posted by the ghost of Ken Lay at 9:10 AM on April 30, 2007

I lived pretty comfortably in very expensive San Francisco in a similar situation -- no car, no kids, etc -- on about $25K/yr. It strikes me that if you're really worried about it, you can budget and pay much more than $300/month if you're making $43K.
posted by YoungAmerican at 9:12 AM on April 30, 2007

Can you consider paying more? I don't know the details of your personal budget, but I was paying $300 per month on my student loans when I was making $27,000, and you make a lot more than that.

If you can't manage that, at least consider paying $150 per paycheck (if you get paid every-other week, like most folks). That way you'll be paying an extra month's worth per year. Also, write "apply extra to principal" on your checks each month.

But don't do any of this until you have a few month's worth of living expenses in the bank. Student loans can seem pretty overwhelming, but they're a lot better than the credit card bills you might accumulate if you have a financial crisis and no cash to get you through it.

Also, if the interest rate on your loans is less than 5 percent, you really ought to just make the minimum payment (as psychologically grating as it feels to do so) and put the extra money in a high-interest savings account. HSBC Direct offers greater than 5 percent interest. You'll come out ahead in the long run.
posted by croutonsupafreak at 9:39 AM on April 30, 2007

Wait, you're making 43K/yr? Even if that's gross, you're netting around 28K, or $2,300/mo. You have to be able to live on less than $2,000 a month. Track your expenses and make a budget. I would shoot for something like this, and I'm talking Bay Area here...

Rent: $800
Food: $400
Debt: $400
Other: $400
posted by Ambrosia Voyeur at 9:40 AM on April 30, 2007

Yeah, I agree about the budget. Figure out where your money is going. My first job I was only grossing $25k, I was supporting 2 people rather than 1 and I was still (barely) able to send $300/mo in. (Food for one person doesn't cost $400/mo either.)
posted by DU at 9:58 AM on April 30, 2007

Response by poster: I can prob do 400-500 a month but I am not sure how sustainable that is for the long run. I picked 300 because thats an amount I can guarantee to do. Once this car I own dies I will have to start making car payments on a car to replace it, as I will not be puttign any more money into savings if I am paying out 400-500 in student loans.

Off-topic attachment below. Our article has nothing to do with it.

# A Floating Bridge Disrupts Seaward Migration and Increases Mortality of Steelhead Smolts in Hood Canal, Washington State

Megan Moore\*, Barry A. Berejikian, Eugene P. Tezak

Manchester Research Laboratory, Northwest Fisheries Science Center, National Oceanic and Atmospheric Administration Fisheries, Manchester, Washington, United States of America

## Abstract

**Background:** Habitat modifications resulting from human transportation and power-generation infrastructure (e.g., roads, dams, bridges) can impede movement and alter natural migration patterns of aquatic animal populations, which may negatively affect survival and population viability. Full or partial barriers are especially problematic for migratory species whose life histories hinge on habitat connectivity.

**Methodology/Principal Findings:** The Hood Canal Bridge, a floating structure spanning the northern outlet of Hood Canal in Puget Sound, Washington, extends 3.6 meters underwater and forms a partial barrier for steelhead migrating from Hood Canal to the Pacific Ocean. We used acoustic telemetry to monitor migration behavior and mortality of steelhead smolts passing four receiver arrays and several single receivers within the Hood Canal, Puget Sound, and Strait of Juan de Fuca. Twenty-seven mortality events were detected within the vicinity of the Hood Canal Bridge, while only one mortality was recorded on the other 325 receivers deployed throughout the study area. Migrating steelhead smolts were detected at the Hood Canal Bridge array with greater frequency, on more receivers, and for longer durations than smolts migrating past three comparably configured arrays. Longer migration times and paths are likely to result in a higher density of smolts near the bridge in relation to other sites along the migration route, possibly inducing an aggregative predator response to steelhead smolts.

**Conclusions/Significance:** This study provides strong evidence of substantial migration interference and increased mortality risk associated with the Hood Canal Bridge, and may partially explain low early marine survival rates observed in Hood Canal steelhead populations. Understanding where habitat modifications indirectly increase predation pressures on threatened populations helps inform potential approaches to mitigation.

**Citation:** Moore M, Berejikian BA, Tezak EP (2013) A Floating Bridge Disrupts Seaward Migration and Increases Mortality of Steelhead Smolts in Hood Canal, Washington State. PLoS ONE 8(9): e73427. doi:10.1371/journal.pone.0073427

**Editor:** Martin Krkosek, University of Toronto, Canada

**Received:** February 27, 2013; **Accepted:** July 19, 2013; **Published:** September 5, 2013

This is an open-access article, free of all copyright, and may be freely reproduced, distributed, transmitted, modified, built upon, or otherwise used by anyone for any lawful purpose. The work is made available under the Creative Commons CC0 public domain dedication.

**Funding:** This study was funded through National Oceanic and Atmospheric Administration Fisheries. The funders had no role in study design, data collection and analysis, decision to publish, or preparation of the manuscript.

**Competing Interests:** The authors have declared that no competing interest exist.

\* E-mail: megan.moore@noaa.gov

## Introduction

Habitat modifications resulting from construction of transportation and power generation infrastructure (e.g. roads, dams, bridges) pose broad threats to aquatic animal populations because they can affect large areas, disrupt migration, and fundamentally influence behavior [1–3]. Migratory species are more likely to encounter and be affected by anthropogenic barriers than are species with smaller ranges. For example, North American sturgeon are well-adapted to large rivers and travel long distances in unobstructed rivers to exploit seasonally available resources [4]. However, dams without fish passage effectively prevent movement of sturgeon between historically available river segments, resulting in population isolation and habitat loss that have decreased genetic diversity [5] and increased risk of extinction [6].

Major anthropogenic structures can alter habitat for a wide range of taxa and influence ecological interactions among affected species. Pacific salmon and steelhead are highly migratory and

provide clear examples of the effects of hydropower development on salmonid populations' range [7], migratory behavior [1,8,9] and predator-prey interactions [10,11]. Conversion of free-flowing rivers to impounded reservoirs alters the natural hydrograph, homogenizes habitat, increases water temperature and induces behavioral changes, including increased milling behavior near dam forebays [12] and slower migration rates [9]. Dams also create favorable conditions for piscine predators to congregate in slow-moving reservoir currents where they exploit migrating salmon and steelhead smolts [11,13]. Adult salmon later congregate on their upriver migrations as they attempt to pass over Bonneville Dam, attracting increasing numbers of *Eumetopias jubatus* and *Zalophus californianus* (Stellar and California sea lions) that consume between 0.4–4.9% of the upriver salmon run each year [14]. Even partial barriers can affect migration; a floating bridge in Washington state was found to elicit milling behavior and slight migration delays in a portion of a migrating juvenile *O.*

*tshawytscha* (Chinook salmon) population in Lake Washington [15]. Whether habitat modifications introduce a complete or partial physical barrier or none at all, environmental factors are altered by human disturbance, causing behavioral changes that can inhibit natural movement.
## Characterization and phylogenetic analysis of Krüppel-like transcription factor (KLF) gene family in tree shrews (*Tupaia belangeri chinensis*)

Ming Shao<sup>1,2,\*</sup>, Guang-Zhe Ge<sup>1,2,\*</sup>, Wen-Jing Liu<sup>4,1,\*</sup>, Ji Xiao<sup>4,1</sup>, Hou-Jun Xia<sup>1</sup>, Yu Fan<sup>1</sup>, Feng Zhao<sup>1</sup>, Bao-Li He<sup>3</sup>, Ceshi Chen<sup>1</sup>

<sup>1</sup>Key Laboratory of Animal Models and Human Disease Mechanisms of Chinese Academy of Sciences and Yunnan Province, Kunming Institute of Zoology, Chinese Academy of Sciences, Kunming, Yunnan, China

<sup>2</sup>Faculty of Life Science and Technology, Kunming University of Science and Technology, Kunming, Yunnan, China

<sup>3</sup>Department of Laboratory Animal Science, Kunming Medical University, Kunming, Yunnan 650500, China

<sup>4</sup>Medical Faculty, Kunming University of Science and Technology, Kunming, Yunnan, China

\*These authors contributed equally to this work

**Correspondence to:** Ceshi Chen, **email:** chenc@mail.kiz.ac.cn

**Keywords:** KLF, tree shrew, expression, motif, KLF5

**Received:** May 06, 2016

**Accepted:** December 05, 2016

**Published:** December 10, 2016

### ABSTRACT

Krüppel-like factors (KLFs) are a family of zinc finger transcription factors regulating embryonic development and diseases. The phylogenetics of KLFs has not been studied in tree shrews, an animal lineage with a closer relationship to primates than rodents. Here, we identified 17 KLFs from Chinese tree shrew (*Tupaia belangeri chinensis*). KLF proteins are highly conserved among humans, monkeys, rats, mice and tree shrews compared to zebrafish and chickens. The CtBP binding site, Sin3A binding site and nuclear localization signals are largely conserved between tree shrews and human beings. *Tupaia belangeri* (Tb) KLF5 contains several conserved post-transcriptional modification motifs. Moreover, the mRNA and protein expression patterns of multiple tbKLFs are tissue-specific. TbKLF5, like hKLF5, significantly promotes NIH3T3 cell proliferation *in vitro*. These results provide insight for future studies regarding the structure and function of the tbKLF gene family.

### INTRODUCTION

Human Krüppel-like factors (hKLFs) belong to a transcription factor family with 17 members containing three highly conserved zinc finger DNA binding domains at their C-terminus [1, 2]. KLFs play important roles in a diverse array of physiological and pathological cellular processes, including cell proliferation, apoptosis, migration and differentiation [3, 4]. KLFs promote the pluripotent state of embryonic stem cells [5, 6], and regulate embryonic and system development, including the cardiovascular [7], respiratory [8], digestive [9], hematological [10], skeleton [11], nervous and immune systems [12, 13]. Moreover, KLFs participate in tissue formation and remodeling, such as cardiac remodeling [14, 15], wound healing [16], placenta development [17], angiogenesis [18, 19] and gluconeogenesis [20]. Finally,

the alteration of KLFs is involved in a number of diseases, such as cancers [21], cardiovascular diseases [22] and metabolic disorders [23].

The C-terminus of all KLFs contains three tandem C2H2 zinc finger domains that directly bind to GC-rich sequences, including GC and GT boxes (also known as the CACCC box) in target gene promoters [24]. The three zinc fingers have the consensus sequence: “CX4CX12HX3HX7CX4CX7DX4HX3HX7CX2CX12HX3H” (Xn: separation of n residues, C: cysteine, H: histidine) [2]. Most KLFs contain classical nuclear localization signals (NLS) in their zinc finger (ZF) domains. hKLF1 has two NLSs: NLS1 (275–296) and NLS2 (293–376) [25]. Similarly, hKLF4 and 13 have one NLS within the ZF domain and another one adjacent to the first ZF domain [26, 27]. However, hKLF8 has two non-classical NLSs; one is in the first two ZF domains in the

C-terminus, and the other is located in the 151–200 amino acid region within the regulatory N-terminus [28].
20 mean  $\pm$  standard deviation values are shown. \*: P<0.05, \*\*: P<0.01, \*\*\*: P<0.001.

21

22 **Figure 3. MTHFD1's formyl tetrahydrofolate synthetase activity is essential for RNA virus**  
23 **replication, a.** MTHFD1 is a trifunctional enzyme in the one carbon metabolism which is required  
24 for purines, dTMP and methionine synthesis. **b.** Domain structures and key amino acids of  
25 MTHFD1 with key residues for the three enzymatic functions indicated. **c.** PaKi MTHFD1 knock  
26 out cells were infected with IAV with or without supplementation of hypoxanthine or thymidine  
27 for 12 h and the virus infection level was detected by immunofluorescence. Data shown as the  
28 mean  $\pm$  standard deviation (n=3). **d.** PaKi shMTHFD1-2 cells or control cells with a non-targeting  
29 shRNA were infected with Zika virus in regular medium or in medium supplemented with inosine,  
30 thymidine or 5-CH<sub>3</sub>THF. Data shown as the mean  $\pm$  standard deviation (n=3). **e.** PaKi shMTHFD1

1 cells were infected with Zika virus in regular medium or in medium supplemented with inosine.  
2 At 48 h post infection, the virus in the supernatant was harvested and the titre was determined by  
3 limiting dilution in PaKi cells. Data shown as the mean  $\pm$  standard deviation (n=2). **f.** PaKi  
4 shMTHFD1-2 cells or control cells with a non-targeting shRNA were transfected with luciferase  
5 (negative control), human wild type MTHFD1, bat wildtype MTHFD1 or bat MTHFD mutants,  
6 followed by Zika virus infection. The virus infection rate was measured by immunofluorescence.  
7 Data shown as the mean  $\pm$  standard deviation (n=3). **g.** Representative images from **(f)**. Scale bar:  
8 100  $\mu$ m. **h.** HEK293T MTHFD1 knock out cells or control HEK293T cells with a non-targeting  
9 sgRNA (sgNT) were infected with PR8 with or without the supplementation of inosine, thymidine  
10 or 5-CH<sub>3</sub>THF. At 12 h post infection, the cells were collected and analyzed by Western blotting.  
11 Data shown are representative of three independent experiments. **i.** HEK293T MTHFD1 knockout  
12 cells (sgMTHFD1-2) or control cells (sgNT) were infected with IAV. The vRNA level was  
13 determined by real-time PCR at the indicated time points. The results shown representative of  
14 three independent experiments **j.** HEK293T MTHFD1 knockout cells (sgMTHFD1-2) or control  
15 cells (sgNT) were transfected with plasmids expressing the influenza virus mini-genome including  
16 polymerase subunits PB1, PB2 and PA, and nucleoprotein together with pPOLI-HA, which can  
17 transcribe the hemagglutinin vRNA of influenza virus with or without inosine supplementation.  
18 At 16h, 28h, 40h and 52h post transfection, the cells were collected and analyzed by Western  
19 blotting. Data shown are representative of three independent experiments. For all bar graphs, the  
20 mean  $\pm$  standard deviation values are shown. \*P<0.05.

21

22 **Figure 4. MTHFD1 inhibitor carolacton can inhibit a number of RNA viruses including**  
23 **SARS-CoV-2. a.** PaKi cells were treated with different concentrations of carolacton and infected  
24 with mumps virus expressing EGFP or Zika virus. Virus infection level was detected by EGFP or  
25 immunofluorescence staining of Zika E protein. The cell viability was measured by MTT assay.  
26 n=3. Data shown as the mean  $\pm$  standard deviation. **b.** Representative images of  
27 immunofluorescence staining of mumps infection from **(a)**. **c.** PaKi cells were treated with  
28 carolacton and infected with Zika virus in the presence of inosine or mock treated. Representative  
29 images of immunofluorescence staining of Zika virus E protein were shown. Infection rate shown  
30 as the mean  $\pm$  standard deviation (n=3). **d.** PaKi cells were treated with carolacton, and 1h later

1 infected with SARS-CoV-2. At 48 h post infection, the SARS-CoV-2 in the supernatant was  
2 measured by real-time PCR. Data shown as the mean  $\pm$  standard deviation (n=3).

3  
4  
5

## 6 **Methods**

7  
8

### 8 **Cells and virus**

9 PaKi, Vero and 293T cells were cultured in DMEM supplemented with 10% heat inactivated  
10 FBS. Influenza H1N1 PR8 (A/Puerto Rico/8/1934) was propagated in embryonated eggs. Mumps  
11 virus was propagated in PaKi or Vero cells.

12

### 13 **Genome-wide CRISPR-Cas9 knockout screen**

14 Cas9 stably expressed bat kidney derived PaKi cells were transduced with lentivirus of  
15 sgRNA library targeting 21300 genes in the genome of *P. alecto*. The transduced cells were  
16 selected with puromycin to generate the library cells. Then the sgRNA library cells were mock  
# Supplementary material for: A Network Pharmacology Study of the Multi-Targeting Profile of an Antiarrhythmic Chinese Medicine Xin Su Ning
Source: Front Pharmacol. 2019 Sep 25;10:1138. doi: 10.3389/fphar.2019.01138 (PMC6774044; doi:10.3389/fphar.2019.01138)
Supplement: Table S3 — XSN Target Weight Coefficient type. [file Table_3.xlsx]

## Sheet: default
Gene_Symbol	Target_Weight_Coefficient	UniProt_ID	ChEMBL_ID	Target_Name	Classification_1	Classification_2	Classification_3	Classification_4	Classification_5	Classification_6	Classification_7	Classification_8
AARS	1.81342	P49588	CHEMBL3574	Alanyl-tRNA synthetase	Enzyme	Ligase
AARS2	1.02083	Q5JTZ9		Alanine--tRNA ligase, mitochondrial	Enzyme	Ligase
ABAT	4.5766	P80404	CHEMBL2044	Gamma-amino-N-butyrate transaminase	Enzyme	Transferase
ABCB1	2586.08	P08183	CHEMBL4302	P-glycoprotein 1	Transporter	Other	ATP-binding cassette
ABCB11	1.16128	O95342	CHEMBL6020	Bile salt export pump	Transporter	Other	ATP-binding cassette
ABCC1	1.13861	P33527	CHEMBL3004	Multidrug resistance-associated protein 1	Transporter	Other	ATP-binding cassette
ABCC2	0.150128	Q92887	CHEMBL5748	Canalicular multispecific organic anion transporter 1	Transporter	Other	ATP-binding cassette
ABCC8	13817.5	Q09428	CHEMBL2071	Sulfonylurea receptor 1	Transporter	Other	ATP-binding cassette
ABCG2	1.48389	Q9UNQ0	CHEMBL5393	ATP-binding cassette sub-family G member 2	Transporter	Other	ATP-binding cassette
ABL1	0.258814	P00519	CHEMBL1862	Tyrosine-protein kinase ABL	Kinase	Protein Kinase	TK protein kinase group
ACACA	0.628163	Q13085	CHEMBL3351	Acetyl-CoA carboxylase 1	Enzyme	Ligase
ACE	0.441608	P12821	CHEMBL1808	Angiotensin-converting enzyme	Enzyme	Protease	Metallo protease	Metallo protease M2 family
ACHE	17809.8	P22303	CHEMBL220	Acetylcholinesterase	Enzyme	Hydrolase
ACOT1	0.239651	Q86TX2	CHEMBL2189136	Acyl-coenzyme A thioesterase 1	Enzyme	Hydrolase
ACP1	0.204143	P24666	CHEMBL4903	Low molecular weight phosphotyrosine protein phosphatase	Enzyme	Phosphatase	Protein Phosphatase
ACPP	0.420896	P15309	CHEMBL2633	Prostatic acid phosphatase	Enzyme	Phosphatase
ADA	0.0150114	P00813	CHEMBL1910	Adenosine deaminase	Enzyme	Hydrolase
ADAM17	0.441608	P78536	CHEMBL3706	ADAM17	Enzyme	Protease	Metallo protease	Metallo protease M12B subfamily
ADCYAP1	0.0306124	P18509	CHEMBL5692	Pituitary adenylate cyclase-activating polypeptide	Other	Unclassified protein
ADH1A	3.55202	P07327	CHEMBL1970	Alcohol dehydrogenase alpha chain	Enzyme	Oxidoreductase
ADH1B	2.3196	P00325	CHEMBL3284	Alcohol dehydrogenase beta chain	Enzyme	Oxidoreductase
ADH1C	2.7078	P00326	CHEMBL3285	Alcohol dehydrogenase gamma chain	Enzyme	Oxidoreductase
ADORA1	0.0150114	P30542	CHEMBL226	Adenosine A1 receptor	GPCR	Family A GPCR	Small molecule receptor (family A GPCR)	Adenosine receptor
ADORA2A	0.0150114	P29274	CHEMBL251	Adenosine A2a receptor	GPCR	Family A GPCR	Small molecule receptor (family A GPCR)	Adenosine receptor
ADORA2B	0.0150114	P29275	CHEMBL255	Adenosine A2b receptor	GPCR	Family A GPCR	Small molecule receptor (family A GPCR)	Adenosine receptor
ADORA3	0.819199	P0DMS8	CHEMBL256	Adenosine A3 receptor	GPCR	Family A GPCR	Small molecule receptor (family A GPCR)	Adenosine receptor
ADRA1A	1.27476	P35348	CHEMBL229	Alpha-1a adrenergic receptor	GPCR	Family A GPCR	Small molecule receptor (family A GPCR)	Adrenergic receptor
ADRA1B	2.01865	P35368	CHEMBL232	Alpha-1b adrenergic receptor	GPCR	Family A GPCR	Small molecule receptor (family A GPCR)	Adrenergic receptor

That said, I'm probably low-balling this for the sake of financial safety. Even at 400 a month, I'll only be putting roughly 100 toward the principle, which I guess isn't bad. I'm still trying to figure out is getting that 10k loan out of the way and then focusing on the 40k loan is a better bet.
posted by the ghost of Ken Lay at 10:00 AM on April 30, 2007

If the two loans are at the same interest rate, then there isn't any financial benefit to paying one down before the other. There is most likely a benefit in that you will feel better about it and it might be less hassle to deal with one loan than two if you pay off the $10K one first.

You are quite right in that you will make almost no progress in paying off the loans if you pay $300 per month. At that rate, it will take you roughly 50 years to pay off the principal of both loans. If you want to pay off the debt in any reasonable length of time, you'll need to be able to pay a larger sum per month - for instance $500 per month will pay it off in about 12 years.

You probably need to sit down and make yourself a budget and then make some cuts in your spending in order to be able to pay down the loan. Many people live on much less than you.

On the other hand, you might want to plan to save for retirement, to buy a house, etc. If you want to save you need to earn better returns that your student loans (which charge about 7% interest from the data given) to make it worth your while. If you want to do some simple investing, you can likely do better than 7%, but if you aren't willing to do that (or accept the risks involved), then your best bet is to pay down the loans as quickly as possible.
posted by ssg at 10:23 AM on April 30, 2007